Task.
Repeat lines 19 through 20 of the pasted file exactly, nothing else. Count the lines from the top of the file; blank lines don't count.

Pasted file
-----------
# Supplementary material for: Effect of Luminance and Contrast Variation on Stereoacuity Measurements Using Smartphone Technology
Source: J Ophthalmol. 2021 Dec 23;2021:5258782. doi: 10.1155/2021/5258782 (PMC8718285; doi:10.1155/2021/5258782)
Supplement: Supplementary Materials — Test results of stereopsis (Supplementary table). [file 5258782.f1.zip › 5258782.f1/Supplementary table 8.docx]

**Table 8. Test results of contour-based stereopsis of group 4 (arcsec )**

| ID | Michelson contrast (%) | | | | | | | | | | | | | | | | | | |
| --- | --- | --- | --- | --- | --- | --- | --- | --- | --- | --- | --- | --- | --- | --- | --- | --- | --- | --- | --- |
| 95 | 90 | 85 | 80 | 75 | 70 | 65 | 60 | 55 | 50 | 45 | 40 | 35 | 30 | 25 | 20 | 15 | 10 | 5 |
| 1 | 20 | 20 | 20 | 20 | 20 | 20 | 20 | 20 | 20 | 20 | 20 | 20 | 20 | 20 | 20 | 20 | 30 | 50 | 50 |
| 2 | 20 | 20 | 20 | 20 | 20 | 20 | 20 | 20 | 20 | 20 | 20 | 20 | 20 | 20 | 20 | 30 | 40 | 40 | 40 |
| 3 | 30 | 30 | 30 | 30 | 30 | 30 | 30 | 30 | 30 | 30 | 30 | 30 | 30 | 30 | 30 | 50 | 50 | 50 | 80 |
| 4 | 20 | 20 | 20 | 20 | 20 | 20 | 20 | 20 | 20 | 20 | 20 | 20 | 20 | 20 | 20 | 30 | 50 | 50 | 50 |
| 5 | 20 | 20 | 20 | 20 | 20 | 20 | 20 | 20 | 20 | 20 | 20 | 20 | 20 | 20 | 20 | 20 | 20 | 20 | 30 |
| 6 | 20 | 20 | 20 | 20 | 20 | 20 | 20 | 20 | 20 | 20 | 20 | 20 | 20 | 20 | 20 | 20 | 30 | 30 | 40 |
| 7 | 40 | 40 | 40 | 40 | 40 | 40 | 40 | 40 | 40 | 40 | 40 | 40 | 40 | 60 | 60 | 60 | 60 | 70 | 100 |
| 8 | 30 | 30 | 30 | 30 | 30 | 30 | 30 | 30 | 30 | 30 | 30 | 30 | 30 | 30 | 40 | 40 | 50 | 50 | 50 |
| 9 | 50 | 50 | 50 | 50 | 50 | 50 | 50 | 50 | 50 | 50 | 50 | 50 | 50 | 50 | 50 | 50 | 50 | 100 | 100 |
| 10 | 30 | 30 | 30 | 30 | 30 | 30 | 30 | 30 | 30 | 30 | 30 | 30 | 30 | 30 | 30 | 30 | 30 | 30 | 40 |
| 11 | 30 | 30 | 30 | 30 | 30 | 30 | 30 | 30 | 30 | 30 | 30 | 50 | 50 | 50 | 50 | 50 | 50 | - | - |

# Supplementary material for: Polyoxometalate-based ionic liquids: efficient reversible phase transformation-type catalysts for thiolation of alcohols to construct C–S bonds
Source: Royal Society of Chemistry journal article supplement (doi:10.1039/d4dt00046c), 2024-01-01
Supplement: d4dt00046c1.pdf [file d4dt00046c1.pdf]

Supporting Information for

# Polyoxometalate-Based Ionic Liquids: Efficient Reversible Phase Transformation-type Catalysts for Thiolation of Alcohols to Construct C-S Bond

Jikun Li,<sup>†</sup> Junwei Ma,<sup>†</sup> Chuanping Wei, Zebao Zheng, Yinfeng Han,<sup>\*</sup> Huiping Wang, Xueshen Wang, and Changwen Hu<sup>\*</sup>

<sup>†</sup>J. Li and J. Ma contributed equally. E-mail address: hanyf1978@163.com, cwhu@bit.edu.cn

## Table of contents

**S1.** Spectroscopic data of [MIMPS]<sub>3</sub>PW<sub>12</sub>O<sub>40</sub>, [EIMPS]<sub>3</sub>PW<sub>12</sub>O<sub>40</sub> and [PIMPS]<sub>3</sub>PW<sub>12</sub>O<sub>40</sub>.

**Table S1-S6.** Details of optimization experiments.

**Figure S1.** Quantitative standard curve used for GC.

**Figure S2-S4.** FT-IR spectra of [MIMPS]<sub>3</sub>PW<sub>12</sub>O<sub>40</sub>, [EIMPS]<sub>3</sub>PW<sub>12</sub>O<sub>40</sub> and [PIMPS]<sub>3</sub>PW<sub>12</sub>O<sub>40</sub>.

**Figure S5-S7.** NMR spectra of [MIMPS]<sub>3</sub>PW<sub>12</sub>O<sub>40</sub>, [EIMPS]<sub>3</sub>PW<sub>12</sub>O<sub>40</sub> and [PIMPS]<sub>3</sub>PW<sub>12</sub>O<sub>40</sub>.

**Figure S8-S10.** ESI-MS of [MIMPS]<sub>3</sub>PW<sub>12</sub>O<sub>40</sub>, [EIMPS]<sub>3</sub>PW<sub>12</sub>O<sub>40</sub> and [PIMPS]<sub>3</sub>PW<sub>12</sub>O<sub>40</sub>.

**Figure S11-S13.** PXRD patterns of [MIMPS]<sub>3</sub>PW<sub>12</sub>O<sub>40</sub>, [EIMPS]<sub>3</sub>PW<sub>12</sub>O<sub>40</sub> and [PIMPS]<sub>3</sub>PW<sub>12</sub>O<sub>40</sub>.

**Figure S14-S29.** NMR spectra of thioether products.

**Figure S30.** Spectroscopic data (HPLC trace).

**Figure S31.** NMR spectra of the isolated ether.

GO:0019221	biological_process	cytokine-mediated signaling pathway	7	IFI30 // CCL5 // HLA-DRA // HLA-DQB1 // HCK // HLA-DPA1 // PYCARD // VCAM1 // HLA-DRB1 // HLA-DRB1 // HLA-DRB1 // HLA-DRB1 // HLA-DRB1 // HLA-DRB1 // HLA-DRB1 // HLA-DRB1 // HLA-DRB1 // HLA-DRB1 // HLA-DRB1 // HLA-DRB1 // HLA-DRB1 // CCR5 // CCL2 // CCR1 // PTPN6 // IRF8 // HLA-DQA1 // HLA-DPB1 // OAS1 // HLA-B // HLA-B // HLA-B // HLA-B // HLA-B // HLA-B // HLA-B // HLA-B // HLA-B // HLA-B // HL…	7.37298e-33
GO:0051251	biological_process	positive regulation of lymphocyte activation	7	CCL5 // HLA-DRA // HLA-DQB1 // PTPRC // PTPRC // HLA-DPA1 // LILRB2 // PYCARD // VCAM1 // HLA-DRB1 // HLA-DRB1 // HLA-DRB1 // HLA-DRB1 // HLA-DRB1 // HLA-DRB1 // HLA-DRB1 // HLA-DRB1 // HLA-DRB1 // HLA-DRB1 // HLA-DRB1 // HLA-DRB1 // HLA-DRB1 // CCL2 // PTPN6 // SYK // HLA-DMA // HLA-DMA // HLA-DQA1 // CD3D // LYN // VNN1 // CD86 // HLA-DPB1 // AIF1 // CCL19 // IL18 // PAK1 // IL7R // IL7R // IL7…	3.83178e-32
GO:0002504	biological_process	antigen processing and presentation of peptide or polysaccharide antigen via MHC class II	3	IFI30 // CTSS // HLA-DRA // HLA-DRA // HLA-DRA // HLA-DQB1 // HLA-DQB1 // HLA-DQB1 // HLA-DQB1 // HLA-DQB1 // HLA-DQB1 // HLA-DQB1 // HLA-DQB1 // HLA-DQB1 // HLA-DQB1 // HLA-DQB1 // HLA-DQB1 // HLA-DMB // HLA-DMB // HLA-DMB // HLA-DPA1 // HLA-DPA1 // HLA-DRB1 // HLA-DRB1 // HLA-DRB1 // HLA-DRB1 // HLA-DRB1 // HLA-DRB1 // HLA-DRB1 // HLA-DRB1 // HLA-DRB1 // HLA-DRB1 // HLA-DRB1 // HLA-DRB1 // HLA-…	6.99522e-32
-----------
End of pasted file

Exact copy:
# Supplementary material for: Polyoxometalate-based ionic liquids: efficient reversible phase transformation-type catalysts for thiolation of alcohols to construct C–S bonds
Source: Royal Society of Chemistry journal article supplement (doi:10.1039/d4dt00046c), 2024-01-01